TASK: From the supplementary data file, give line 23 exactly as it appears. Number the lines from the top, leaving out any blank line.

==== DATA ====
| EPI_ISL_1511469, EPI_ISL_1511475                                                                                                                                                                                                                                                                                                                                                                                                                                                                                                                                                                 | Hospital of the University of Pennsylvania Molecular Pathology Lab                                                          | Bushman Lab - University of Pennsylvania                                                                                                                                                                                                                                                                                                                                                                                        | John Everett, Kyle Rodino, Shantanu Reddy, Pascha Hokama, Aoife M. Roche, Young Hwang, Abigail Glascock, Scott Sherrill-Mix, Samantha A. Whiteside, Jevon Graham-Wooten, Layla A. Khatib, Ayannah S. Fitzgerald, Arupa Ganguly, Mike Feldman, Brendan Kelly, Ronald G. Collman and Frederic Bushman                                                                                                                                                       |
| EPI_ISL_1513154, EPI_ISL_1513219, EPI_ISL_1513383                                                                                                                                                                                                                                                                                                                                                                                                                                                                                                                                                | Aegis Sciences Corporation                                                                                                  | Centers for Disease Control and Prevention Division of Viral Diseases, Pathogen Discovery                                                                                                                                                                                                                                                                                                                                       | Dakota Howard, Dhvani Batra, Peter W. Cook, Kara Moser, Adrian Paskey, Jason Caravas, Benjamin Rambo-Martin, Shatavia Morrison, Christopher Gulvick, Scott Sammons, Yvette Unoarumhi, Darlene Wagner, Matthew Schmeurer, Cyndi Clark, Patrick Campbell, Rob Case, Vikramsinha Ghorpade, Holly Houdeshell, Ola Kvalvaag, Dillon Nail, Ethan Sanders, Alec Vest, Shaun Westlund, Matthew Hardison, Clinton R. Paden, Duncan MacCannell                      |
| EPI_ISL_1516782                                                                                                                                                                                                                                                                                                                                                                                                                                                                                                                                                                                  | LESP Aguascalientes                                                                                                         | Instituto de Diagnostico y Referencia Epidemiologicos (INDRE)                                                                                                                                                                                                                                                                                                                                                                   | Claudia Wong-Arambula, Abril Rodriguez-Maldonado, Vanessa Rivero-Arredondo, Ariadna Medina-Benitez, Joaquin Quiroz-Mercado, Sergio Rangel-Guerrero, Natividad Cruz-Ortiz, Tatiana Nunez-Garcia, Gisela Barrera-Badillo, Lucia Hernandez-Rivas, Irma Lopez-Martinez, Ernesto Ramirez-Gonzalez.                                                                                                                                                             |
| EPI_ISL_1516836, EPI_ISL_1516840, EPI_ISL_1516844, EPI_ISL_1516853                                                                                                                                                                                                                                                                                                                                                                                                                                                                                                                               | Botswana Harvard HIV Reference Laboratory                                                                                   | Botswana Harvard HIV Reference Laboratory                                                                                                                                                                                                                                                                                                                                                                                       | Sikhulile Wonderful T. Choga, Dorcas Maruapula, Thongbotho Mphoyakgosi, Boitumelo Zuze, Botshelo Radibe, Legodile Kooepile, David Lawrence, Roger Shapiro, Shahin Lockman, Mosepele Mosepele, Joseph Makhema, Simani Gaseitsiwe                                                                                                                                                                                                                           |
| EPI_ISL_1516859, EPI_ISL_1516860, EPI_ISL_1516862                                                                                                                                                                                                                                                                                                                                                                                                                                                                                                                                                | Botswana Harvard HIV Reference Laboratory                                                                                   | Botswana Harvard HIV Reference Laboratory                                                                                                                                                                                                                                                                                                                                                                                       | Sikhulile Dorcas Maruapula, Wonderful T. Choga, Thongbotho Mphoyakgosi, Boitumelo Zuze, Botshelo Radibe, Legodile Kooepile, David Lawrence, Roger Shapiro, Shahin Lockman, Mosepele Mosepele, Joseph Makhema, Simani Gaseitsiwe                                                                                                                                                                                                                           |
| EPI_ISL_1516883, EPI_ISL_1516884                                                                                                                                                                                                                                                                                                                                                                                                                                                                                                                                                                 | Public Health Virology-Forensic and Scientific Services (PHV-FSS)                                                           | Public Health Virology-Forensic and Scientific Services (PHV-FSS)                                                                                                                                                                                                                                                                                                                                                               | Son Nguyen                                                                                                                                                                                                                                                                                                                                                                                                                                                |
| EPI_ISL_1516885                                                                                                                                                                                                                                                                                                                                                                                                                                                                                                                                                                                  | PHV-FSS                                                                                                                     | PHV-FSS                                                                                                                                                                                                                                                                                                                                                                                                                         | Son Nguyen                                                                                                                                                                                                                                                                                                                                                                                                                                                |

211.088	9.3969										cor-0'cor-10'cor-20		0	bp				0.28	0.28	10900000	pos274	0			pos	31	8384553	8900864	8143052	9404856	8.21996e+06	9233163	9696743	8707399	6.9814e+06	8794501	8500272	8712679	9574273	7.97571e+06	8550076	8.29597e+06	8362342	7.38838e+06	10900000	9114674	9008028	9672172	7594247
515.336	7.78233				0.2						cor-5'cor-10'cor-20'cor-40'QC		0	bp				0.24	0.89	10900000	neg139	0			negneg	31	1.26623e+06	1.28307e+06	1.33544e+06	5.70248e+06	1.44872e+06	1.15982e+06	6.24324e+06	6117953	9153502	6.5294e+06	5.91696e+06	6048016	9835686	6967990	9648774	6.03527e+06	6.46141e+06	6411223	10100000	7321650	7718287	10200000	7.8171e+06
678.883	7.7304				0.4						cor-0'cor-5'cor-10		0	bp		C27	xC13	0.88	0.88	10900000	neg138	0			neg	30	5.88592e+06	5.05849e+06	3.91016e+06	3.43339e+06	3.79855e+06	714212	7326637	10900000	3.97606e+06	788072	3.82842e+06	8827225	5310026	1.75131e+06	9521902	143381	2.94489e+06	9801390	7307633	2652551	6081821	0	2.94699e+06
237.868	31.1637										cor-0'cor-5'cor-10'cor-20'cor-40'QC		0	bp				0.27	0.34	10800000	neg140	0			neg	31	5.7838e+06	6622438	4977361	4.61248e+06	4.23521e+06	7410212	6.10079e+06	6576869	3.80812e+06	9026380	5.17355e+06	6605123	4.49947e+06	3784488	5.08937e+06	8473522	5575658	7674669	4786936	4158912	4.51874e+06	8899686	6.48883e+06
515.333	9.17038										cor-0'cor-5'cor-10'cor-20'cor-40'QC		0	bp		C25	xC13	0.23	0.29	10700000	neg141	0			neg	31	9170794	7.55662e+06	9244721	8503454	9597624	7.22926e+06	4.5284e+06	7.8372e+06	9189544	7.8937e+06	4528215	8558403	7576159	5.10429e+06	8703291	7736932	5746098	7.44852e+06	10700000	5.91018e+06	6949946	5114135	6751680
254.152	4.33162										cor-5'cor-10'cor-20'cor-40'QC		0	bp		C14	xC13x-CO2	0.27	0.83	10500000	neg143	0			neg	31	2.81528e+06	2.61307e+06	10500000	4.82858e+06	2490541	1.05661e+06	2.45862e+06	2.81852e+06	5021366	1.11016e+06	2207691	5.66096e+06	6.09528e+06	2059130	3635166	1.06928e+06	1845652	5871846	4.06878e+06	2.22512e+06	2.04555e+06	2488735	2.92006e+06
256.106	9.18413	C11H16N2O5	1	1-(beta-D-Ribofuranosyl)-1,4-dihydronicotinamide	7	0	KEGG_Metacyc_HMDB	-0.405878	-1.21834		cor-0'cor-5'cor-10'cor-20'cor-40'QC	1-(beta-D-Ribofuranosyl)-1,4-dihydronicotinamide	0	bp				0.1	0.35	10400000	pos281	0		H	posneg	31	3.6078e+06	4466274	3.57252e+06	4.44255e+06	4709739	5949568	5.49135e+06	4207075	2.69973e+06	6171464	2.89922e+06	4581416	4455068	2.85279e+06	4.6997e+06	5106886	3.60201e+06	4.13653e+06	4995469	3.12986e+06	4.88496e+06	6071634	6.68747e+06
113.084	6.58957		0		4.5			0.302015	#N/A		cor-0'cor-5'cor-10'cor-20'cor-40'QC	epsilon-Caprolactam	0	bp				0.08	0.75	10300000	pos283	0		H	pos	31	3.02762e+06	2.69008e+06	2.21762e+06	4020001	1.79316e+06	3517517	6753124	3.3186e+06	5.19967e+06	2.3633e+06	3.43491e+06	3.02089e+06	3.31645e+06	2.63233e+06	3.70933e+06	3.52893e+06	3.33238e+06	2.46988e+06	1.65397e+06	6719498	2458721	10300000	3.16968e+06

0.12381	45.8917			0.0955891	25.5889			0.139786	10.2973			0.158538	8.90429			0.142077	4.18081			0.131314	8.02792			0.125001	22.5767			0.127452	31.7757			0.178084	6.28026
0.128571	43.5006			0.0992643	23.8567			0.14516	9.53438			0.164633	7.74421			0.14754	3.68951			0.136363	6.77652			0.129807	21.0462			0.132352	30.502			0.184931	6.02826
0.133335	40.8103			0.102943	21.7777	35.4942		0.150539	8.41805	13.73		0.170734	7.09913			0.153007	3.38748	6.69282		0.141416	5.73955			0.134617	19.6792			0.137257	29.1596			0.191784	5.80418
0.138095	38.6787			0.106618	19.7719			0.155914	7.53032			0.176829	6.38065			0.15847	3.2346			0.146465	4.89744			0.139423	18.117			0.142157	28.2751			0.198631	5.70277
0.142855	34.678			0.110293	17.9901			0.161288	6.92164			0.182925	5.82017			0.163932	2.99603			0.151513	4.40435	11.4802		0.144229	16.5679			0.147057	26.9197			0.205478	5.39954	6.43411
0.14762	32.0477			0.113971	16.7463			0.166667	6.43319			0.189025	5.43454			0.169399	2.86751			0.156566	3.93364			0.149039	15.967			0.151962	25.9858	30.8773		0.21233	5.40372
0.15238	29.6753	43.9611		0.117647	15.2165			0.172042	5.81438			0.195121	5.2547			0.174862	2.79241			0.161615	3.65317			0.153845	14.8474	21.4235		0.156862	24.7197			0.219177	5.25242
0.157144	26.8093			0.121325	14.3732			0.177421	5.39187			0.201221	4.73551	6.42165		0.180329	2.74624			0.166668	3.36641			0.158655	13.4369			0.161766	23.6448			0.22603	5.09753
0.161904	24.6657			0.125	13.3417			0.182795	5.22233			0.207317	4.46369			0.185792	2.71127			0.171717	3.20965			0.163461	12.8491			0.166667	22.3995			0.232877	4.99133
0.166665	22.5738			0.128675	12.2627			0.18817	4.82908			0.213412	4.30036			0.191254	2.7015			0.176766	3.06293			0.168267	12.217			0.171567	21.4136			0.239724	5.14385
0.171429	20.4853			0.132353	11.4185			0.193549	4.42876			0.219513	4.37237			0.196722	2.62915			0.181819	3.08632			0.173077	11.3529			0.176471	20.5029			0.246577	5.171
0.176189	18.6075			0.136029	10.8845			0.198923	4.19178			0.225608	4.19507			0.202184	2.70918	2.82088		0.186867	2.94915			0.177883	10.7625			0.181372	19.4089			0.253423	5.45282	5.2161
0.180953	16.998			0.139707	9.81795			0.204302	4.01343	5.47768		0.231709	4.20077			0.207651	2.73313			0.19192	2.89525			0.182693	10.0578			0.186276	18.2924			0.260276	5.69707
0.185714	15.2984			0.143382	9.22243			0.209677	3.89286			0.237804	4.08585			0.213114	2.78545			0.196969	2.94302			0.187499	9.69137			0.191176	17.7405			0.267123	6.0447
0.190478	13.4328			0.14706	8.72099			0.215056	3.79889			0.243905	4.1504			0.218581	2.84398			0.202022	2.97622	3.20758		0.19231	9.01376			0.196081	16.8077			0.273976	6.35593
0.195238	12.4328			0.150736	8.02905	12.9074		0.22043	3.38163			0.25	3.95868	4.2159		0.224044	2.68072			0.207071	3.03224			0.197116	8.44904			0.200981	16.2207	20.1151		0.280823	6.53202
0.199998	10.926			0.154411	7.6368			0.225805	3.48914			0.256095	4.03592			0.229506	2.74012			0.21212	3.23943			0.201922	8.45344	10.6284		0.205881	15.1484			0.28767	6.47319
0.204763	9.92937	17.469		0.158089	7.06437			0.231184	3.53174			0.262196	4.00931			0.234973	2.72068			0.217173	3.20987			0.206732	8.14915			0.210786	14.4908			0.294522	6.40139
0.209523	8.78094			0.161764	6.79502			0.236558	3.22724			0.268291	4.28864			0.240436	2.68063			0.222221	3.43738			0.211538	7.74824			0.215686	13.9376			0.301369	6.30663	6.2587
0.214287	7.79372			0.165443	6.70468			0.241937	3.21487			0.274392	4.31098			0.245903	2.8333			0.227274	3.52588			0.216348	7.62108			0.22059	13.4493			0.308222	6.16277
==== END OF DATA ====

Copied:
0.157144	26.8093			0.121325	14.3732			0.177421	5.39187			0.201221	4.73551	6.42165		0.180329	2.74624			0.166668	3.36641			0.158655	13.4369			0.161766	23.6448			0.22603	5.09753